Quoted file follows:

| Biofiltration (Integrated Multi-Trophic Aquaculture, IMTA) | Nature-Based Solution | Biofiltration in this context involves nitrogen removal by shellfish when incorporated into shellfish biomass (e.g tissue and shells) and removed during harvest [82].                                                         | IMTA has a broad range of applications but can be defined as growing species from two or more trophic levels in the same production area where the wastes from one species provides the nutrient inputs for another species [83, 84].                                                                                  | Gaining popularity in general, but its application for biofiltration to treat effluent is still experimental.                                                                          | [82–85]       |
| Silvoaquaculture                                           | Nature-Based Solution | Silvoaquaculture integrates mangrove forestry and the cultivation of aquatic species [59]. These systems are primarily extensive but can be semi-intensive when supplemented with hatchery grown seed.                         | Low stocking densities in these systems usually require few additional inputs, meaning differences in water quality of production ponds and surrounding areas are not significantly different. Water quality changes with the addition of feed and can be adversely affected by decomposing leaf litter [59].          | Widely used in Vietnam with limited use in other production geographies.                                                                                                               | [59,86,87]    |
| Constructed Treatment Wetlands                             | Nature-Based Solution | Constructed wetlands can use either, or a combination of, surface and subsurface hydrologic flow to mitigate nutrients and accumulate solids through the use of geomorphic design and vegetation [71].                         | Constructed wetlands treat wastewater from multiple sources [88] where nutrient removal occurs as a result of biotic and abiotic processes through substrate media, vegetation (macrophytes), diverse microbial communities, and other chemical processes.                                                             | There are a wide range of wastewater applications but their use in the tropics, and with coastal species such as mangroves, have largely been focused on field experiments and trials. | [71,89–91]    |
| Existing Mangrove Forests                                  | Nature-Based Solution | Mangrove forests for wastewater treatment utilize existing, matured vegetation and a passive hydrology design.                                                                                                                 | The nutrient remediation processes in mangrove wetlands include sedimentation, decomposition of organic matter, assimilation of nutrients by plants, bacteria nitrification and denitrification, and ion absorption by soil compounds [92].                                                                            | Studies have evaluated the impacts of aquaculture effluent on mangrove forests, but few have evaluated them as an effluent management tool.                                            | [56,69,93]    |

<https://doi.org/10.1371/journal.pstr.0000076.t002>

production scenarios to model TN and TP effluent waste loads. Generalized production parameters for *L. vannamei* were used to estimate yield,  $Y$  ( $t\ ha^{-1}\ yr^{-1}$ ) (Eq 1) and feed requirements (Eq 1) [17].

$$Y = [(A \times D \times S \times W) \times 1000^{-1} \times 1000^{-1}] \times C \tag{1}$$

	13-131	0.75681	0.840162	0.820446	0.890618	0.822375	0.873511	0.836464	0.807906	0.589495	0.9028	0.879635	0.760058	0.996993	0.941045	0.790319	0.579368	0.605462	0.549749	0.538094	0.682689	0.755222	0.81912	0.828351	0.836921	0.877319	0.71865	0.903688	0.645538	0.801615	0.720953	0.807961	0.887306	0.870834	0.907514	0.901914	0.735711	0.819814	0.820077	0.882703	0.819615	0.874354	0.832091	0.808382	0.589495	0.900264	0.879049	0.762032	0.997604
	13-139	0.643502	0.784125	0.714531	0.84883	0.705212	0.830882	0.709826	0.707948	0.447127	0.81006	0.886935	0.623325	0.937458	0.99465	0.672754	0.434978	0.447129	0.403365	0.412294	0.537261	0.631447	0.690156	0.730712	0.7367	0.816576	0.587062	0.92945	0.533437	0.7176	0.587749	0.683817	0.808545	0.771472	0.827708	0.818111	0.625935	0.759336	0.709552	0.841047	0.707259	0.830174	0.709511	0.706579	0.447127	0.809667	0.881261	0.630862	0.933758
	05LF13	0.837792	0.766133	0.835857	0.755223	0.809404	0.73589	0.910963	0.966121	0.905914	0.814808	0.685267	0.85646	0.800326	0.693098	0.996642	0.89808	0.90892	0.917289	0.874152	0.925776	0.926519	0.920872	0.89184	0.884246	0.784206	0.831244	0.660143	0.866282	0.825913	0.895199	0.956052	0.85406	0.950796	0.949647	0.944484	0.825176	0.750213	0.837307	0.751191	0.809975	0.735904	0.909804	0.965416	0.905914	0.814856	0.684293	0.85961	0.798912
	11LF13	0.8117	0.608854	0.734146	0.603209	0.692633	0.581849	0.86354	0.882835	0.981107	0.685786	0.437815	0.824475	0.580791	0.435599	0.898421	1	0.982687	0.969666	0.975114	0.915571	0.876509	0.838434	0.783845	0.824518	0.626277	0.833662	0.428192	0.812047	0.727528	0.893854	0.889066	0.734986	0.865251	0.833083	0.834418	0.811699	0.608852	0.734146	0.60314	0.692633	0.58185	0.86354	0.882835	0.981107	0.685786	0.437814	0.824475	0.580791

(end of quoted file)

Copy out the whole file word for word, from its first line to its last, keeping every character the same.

| Biofiltration (Integrated Multi-Trophic Aquaculture, IMTA) | Nature-Based Solution | Biofiltration in this context involves nitrogen removal by shellfish when incorporated into shellfish biomass (e.g tissue and shells) and removed during harvest [82].                                                         | IMTA has a broad range of applications but can be defined as growing species from two or more trophic levels in the same production area where the wastes from one species provides the nutrient inputs for another species [83, 84].                                                                                  | Gaining popularity in general, but its application for biofiltration to treat effluent is still experimental.                                                                          | [82–85]       |
| Silvoaquaculture                                           | Nature-Based Solution | Silvoaquaculture integrates mangrove forestry and the cultivation of aquatic species [59]. These systems are primarily extensive but can be semi-intensive when supplemented with hatchery grown seed.                         | Low stocking densities in these systems usually require few additional inputs, meaning differences in water quality of production ponds and surrounding areas are not significantly different. Water quality changes with the addition of feed and can be adversely affected by decomposing leaf litter [59].          | Widely used in Vietnam with limited use in other production geographies.                                                                                                               | [59,86,87]    |
| Constructed Treatment Wetlands                             | Nature-Based Solution | Constructed wetlands can use either, or a combination of, surface and subsurface hydrologic flow to mitigate nutrients and accumulate solids through the use of geomorphic design and vegetation [71].                         | Constructed wetlands treat wastewater from multiple sources [88] where nutrient removal occurs as a result of biotic and abiotic processes through substrate media, vegetation (macrophytes), diverse microbial communities, and other chemical processes.                                                             | There are a wide range of wastewater applications but their use in the tropics, and with coastal species such as mangroves, have largely been focused on field experiments and trials. | [71,89–91]    |
| Existing Mangrove Forests                                  | Nature-Based Solution | Mangrove forests for wastewater treatment utilize existing, matured vegetation and a passive hydrology design.                                                                                                                 | The nutrient remediation processes in mangrove wetlands include sedimentation, decomposition of organic matter, assimilation of nutrients by plants, bacteria nitrification and denitrification, and ion absorption by soil compounds [92].                                                                            | Studies have evaluated the impacts of aquaculture effluent on mangrove forests, but few have evaluated them as an effluent management tool.                                            | [56,69,93]    |

<https://doi.org/10.1371/journal.pstr.0000076.t002>

production scenarios to model TN and TP effluent waste loads. Generalized production parameters for *L. vannamei* were used to estimate yield,  $Y$  ( $t\ ha^{-1}\ yr^{-1}$ ) (Eq 1) and feed requirements (Eq 1) [17].

$$Y = [(A \times D \times S \times W) \times 1000^{-1} \times 1000^{-1}] \times C \tag{1}$$

	13-131	0.75681	0.840162	0.820446	0.890618	0.822375	0.873511	0.836464	0.807906	0.589495	0.9028	0.879635	0.760058	0.996993	0.941045	0.790319	0.579368	0.605462	0.549749	0.538094	0.682689	0.755222	0.81912	0.828351	0.836921	0.877319	0.71865	0.903688	0.645538	0.801615	0.720953	0.807961	0.887306	0.870834	0.907514	0.901914	0.735711	0.819814	0.820077	0.882703	0.819615	0.874354	0.832091	0.808382	0.589495	0.900264	0.879049	0.762032	0.997604
	13-139	0.643502	0.784125	0.714531	0.84883	0.705212	0.830882	0.709826	0.707948	0.447127	0.81006	0.886935	0.623325	0.937458	0.99465	0.672754	0.434978	0.447129	0.403365	0.412294	0.537261	0.631447	0.690156	0.730712	0.7367	0.816576	0.587062	0.92945	0.533437	0.7176	0.587749	0.683817	0.808545	0.771472	0.827708	0.818111	0.625935	0.759336	0.709552	0.841047	0.707259	0.830174	0.709511	0.706579	0.447127	0.809667	0.881261	0.630862	0.933758
	05LF13	0.837792	0.766133	0.835857	0.755223	0.809404	0.73589	0.910963	0.966121	0.905914	0.814808	0.685267	0.85646	0.800326	0.693098	0.996642	0.89808	0.90892	0.917289	0.874152	0.925776	0.926519	0.920872	0.89184	0.884246	0.784206	0.831244	0.660143	0.866282	0.825913	0.895199	0.956052	0.85406	0.950796	0.949647	0.944484	0.825176	0.750213	0.837307	0.751191	0.809975	0.735904	0.909804	0.965416	0.905914	0.814856	0.684293	0.85961	0.798912
	11LF13	0.8117	0.608854	0.734146	0.603209	0.692633	0.581849	0.86354	0.882835	0.981107	0.685786	0.437815	0.824475	0.580791	0.435599	0.898421	1	0.982687	0.969666	0.975114	0.915571	0.876509	0.838434	0.783845	0.824518	0.626277	0.833662	0.428192	0.812047	0.727528	0.893854	0.889066	0.734986	0.865251	0.833083	0.834418	0.811699	0.608852	0.734146	0.60314	0.692633	0.58185	0.86354	0.882835	0.981107	0.685786	0.437814	0.824475	0.580791